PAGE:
That’s right. We had never taken a camping trip in an RV, we had never driven or towed an RV, we had never cooked a meal in an RV – we had zero experience living or hauling an RV. That meant if we wanted to live in an RV, we had a lot of learning to do.

2. We knew nothing about RVsย 

Obviously, due to the aforementioned “zero experience”, we also didn’t own an RV, knew nothing about them, and wouldn’t know how to repair or fix anything on one. In a house, we did all our own DIY projects, and we were used to being able to fix things. This made us feel like we had less control moving into an RV.

3. RV Living can be financially unpredictable

If you like predictability in your living expenses and day-to-day life, RV living will be a leap for you like it was for me (Beth). In a house, we knew the exact cost of our mortgage, taxes, utilities, car payments, etc. and we also knew the typical cost of our variable expenses like gas, groceries, and propane. With RV living, you can’t always predict what your campsites will cost, how much gas you’ll use in a given month, or how much propane you’ll need to keep the rig warm.

4. We didn’t have anyone to teach us

When we announced we were going to jump into full-time RV living, we had several people mention that they could help us if we needed anything, but we weren’t sure who to trust. We weren’t looking for someone to tell us how they’d “always done it” – we were looking for someone who could teach us how to tow, use, maintain, and enjoy our RV the right way – the safe way. We ended up finding an unlikely ally in this process, and he saved us! We also found TONS of helpful content on YouTube that taught us how to live this lifestyle.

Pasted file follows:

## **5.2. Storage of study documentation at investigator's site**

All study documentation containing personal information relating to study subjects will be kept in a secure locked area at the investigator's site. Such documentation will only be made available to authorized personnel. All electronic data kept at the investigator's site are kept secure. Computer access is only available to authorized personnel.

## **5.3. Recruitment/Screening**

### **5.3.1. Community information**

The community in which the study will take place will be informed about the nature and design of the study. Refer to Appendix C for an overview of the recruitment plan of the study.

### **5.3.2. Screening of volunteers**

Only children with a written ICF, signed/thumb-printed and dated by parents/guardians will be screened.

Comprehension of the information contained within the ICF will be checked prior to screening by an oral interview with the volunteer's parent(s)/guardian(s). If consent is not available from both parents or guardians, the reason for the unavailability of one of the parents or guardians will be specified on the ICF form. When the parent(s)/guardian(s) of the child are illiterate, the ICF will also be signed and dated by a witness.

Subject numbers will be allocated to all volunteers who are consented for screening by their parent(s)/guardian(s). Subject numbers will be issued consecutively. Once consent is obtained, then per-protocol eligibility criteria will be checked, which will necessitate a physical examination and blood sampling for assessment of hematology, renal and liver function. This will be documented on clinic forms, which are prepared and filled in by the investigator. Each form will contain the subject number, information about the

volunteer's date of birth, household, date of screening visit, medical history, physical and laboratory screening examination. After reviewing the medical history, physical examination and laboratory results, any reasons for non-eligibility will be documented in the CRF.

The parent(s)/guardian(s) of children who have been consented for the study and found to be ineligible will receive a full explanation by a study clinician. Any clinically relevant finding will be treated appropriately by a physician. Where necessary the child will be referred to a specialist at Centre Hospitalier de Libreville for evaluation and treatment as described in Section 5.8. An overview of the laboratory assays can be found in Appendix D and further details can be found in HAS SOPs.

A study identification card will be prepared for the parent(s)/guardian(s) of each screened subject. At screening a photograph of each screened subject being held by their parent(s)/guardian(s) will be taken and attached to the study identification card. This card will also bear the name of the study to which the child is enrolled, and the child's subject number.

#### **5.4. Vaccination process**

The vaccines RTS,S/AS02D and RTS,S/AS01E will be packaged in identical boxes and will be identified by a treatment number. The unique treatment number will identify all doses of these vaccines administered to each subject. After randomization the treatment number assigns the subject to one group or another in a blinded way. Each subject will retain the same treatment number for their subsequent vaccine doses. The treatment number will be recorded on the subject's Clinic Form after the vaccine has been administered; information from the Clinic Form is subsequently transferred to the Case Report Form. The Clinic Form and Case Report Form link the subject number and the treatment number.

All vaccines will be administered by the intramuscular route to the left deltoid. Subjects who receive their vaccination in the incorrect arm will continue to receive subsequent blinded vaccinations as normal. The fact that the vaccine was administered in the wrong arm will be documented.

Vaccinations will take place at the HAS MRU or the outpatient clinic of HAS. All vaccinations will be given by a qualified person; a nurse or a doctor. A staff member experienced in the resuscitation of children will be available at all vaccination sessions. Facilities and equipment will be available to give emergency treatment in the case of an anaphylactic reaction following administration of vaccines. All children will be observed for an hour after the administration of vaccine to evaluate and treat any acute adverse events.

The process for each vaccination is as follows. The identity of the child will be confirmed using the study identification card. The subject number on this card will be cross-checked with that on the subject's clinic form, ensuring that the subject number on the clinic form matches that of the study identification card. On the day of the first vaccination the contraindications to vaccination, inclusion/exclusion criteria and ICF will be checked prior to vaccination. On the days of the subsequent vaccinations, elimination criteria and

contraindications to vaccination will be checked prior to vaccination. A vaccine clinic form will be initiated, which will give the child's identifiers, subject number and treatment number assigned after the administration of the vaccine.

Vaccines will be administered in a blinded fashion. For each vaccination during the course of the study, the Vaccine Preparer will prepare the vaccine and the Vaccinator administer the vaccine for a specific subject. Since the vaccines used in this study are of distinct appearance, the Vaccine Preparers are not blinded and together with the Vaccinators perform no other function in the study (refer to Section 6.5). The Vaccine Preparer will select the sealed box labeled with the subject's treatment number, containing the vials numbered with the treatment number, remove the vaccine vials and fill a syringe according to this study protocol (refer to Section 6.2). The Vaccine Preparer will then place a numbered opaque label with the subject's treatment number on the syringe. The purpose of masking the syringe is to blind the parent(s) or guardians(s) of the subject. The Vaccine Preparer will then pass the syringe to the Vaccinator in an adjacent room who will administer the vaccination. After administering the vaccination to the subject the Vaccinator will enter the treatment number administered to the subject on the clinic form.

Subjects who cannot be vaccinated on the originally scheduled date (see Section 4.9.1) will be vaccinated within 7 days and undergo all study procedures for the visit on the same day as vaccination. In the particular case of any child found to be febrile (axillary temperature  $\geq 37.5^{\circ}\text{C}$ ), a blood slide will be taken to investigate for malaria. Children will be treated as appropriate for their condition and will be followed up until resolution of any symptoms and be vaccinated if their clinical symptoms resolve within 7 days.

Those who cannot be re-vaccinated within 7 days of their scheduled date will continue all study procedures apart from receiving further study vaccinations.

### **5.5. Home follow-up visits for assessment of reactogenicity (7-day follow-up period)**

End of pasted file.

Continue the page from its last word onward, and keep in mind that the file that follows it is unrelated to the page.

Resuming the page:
5. we didn’t have a truck or trailer

This part was absolutely overwhelming for us. We owned a Mazda 3 and were leasing a Ford Escape. That meant we had to sell one, trade in the other, and find a truck that had the towing capacity we needed for…what size trailer? We didn’t know. We also had to find the trailer. But which do you find first – the truck or the trailer? Or do we get a motorhome instead? Oy vey. The questions were endless. Like everything else, we figured it out and can look back on it as one more thing we conquered.

6. traveling while working can be stressful

When you’re on vacation or a road trip, it seems really fun to travel fast and see the world – it’s thrilling because you have nothing to worry about but the open road. But when you live in an RV and are responsible for…life…it can actually be stressful to constantly be traveling. For instance, if you have a big work deadline but also have to move your home that day, it makes for a really stressful day. Unpredictable internet connection during that move can also double that stress.

Making the Choice that’s Right for You

Whether you live in a home, an RV, a yurt, or an igloo…you will always have challenges. When we moved into our first house, we had quite a few challenges. Within the first year, we had to replace our water heater, stove, washer, dryer, shower head and handle, a back door that let tons of water in when it rained, the garage lighting, the countertops, and the backsplash.

Did we know how to do any of those things? No. Did we figure it out with some help? Yes! We had no idea what homeownership would be like but we didnโ€™t let that stop us from buying a home.

So if youโ€™re thinking about full time RV living but are nervous because you don’t have any experience – just remember, itโ€™s not about what you have or havenโ€™t done, itโ€™s about what youโ€™re willing to figure out for the freedom on the other side.

If you have a family, check out Fulltime Families for resources. Wondering how to make money from the road? Check out RV Entrepreneur podcast for all things remote income.

Action inspires confidence – the more you learn, grow, and do, the more your confidence you’ll have. The more confidence you have, the more capable you’ll feel to tackle new challenges.

Here’s to living your best life, whatever you decide ๐Ÿฅ‚ย